Is Debt Inherently Sinful?
By Kyle Pope
Some time back someone asked me
this question: Is it a sin for a
Christian to go in debt? Some within the religious world have answered
this, yes! What does the Bible say?
no question that it is best for a person to avoid debt as much as possible.
Scores of people have allowed their lives to become overwhelmed with the burden
of growing debt to such a degree that their family, faith, and future have
become enslaved to that debt. With that said, the question is this: is going
in debt to any degree sinful?
To answer this we should consider
1. Mosaic law
restricted, but did not prohibit lending at interest. The Israelite could
lend to his fellow Israelite but could not charge him interest. However, the
Israelite could charge a Gentile interest (Exod. 22:25; Lev. 25:36; 23:19;
23:20). In either case the borrower became indebted to
the lender, but it is not described as sinful.
2. The Law of
Christ does not restate this law, even though collecting interest is referred
to in parables of Jesus. In the
Parable of the Talents (Matthew) or Minas (Luke) the wicked servant is rebuked
for not depositing his master’s money with the bankers so that he could have
his money back “with interest” (Matthew 25:27; Luke 19:23). This parable
illustrates the importance of the Christian wisely using what God has given him.
The question must be asked, would Jesus illustrate Christian faithfulness with
something which was sinful?
3. Scripture does not absolutely condemn
servitude. Proverbs 22:7 teaches, “The borrower is servant to the lender” (NKJV).
Paul urged the Corinthians, “do not
become slaves of men” (1 Corinthians 7:23).
Servitude throughout most of human history came about because of financial
necessity. Being a slave obviously restricted a person’s freedom to live as
they might choose. Yet, while freedom from servitude (or debt) was always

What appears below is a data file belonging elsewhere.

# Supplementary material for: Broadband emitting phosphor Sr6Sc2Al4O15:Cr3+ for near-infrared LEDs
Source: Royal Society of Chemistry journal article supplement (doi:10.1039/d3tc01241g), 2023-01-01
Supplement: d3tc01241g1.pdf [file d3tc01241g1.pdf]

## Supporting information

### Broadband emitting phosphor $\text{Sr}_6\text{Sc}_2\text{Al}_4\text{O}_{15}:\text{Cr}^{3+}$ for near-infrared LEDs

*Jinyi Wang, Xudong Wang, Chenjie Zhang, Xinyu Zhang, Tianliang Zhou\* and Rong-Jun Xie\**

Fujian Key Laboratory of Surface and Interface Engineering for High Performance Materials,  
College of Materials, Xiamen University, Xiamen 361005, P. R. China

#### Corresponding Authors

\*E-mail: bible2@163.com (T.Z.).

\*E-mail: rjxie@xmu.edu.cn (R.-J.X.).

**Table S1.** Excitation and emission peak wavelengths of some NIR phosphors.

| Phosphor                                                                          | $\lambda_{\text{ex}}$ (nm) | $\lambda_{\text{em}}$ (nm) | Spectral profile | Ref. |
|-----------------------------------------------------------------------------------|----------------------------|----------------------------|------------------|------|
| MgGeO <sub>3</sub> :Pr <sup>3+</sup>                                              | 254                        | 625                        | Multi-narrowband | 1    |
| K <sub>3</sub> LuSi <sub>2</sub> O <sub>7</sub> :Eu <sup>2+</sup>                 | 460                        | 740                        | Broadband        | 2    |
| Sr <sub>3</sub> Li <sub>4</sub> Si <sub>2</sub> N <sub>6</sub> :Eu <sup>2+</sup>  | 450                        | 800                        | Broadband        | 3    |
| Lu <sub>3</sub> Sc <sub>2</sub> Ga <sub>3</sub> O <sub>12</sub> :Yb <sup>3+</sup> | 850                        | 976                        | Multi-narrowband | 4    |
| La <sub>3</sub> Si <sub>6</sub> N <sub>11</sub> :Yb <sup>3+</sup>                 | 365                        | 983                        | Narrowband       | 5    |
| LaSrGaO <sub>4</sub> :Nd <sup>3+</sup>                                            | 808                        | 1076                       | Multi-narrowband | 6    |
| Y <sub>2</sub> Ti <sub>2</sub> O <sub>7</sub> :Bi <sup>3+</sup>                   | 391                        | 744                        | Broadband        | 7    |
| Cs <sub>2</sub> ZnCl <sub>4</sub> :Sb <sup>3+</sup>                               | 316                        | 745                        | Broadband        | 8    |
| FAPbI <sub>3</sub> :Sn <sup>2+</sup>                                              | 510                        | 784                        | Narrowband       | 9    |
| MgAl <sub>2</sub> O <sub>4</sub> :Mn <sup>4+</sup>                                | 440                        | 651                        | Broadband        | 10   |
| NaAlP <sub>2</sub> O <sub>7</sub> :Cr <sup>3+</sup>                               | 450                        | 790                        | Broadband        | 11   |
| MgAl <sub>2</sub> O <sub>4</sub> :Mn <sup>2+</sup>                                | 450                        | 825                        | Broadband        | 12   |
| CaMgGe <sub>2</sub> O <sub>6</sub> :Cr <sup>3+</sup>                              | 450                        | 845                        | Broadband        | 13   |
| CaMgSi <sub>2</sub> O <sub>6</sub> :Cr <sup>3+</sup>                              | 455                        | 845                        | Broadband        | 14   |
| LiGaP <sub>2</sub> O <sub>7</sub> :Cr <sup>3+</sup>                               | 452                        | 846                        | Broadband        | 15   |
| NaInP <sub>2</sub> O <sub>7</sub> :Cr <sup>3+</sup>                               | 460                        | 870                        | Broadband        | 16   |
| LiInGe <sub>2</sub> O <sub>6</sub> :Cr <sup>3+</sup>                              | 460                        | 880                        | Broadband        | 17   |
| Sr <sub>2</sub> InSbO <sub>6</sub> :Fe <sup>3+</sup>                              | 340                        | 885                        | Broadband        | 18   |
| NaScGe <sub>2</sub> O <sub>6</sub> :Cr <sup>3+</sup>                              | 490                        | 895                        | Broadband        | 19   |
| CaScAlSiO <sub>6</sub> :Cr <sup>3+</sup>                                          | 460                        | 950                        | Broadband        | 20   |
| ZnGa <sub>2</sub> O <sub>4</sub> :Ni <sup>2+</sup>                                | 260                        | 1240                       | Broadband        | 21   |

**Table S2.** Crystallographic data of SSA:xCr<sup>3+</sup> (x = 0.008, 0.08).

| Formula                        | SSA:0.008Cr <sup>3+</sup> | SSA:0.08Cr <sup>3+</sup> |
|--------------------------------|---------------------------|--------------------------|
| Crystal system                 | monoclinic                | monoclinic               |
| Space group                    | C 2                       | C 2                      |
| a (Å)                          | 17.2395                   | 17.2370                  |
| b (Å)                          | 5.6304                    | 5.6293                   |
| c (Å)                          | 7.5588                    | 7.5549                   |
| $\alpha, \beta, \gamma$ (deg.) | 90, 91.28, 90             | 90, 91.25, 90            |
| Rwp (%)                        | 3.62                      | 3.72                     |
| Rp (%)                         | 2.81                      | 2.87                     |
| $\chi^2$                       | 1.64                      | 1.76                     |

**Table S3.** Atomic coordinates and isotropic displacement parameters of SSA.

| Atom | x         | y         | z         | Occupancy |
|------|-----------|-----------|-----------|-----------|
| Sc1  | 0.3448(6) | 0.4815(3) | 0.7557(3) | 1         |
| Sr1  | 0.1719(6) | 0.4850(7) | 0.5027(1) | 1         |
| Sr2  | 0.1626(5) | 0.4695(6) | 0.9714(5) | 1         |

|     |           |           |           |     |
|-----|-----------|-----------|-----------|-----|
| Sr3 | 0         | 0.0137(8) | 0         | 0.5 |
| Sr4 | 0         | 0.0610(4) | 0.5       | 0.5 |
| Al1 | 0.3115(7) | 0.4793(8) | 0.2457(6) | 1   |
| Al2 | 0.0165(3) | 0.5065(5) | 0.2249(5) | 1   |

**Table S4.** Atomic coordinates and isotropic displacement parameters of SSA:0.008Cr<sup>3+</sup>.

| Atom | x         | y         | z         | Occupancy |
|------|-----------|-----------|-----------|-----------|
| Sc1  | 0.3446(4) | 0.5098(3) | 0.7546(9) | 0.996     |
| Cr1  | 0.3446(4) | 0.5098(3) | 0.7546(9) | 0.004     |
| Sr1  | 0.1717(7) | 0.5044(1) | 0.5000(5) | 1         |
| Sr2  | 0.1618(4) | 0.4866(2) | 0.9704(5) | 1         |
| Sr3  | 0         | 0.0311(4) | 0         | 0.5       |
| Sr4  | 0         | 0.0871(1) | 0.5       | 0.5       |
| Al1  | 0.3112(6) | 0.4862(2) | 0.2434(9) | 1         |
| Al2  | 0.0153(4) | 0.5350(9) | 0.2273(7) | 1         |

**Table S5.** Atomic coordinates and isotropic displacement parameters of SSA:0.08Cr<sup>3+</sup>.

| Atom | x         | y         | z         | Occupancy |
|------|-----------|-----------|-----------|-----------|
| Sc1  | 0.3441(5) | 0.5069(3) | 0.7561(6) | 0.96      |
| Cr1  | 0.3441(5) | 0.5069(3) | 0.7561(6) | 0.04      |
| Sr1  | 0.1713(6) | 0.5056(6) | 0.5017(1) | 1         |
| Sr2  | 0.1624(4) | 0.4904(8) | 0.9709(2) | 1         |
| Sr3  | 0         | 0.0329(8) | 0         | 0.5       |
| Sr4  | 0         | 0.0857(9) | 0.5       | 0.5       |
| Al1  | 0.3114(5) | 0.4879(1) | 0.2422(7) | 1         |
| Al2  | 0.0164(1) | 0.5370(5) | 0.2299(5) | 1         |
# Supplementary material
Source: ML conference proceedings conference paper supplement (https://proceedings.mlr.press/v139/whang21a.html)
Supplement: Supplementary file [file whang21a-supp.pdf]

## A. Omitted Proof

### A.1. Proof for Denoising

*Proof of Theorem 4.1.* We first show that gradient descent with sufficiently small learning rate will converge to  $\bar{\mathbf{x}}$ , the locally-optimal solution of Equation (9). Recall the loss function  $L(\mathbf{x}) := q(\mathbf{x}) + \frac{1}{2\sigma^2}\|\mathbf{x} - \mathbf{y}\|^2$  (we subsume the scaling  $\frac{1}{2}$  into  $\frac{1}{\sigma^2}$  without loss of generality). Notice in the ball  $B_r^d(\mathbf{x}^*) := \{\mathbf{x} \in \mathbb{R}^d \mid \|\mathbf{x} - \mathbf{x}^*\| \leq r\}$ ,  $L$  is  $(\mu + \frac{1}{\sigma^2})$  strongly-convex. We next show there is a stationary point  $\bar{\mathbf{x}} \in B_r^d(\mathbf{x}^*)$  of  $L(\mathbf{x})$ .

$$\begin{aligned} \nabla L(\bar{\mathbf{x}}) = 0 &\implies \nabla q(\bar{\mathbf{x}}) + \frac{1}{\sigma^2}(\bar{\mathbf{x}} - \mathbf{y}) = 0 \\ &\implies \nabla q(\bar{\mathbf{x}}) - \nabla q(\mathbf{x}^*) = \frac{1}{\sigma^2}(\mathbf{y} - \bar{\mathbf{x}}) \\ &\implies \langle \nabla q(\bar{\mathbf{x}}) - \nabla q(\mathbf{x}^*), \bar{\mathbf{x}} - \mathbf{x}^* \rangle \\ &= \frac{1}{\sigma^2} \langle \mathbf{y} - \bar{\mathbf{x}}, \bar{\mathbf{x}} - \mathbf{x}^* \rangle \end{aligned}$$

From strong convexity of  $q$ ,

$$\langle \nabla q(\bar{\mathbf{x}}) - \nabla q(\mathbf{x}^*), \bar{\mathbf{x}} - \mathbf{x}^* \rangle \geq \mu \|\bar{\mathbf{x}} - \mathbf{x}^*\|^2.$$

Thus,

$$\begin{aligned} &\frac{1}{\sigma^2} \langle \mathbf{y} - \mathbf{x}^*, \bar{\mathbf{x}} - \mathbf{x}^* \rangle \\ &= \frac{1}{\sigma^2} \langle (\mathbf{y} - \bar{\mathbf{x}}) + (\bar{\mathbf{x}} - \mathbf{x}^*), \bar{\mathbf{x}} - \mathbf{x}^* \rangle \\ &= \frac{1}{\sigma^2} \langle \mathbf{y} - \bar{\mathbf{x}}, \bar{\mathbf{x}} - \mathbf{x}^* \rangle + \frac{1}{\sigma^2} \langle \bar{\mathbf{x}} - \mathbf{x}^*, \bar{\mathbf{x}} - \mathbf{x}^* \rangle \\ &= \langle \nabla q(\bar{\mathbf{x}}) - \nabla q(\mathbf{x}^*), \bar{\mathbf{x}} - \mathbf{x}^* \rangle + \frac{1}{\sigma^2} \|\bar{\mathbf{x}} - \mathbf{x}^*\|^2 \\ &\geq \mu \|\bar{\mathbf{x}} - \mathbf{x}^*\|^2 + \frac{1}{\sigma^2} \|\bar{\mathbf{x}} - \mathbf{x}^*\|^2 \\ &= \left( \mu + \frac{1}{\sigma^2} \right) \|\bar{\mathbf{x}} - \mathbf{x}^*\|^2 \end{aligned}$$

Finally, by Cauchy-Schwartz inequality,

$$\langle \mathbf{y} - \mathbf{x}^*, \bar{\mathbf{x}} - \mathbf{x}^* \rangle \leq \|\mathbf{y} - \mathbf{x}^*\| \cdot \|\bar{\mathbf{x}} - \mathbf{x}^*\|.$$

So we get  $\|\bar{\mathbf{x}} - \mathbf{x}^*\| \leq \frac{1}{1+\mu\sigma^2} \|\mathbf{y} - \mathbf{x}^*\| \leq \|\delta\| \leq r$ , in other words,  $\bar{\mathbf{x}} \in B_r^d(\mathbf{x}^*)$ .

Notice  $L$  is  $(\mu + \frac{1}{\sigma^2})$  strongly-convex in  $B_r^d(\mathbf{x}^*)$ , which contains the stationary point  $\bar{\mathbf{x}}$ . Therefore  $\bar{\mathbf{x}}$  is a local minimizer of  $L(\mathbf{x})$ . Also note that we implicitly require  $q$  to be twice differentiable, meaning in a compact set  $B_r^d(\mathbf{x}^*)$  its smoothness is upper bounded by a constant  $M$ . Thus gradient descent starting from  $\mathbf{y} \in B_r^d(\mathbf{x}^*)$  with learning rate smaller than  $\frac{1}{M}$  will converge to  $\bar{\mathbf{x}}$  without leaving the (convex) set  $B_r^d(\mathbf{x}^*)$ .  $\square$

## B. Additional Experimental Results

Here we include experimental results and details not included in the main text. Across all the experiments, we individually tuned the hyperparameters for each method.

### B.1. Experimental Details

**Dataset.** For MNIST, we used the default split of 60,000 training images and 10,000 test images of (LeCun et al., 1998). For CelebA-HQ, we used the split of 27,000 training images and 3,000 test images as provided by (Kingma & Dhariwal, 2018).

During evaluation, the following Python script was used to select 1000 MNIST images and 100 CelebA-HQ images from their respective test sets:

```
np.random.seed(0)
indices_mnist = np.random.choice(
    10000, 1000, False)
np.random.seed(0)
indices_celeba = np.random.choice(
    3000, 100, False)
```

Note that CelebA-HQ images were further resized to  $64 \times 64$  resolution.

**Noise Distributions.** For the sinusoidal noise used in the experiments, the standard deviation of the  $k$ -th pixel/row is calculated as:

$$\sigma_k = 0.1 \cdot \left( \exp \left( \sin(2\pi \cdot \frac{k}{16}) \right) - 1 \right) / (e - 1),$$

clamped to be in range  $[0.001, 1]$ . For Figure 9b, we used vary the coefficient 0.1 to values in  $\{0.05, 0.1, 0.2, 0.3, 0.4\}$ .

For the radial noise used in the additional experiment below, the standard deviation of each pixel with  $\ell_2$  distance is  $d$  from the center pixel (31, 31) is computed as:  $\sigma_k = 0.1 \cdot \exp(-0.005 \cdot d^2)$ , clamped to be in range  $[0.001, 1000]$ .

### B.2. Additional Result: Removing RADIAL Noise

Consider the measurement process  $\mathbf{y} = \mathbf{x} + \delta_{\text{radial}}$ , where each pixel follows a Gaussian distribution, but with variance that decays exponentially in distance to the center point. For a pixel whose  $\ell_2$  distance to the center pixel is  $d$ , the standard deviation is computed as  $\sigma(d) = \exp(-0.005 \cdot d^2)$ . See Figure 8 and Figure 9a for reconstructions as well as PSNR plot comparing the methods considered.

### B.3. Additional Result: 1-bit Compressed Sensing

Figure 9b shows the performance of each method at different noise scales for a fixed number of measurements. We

preferable, it was not the only choice open to a Christian. Paul commanded
masters, not to free their servants, but to treat them properly (Ephesians
have seen in Paul’s command in Romans 13:8 a prohibition against debt. He
wrote, “Owe no one anything except to
love one another.” This command must be understood within its context.
Romans 13:7 teaches that we must “render
to all their due” whether it be taxes, customs, or honor. If it is sin to “owe”
anyone then citizenship in a nation of taxation would be sin. Paul shows that
his words are not absolute, in the fact that he offered to pay Philemon (a
brother in Christ) whatever Onesimus (his servant but also a brother in Christ)
might owe him (Philemon 17-19). If Onesimus’ debt and
Philemon’s need for repayment was sinful, would Paul be offering to share in
something that was sinful? The idea is that we must never allow
ourselves to become indebted to anyone or anything to such a degree that it
interferes with service to God. It is in this sense that Jesus taught we cannot
serve two masters (Matthew 6:24).
text which is sometimes cited is Luke 6:35. Jesus taught, “lend, hoping for nothing again.” Much of the issue here rests on
Jesus’ use of the word “lend” from the Greek daneizo. Stong’s defines this word, “to loan on
interest; reflexively to borrow: - borrow, lend.” We should note that Jesus
does not say “give” but “lend.” Is Jesus teaching that we can assist someone
else in sin? Obviously He is not! In
Matthew 5:42 He does use the word “give” but we notice that He goes on to say, “Give to him who asks you, and from him who
wants to borrow from you do not turn away.” If going in debt is a sin, how
can the Christian participate in allowing someone to “borrow” from us (thus
becoming indebted to us)? In both texts
the issue is not the borrowing but the attitude of the one who lends. The Christan
is to lend not “hoping” for a return—and must not “turn away” from one who
wants to borrow from us. If debt is a
sin this would be participating in sin.
this makes it clear that going in debt is not inherently sinful. That is not to
suggest that it does not bring with it great dangers and trials. Christians who allow themselves
to get buried in a mountain of debt are often forced to sacrifice time they
could devote to the Lord’s work, service to their family, or to others. In addition to this, the anxiety and
depression that can come from debt can rob the child of God of the joy, peace,
and happiness that God would have him or her to enjoy. We would whole-heartedly applaud the efforts
of those who seek to discourage Christians (and young Christians especially)
from enslaving themselves to crippling debt. Yet, to go beyond that and further
burden those who have incurred debt with a false sense of guilt by telling them
that debt is sin, is cruel, unloving, and unscriptural.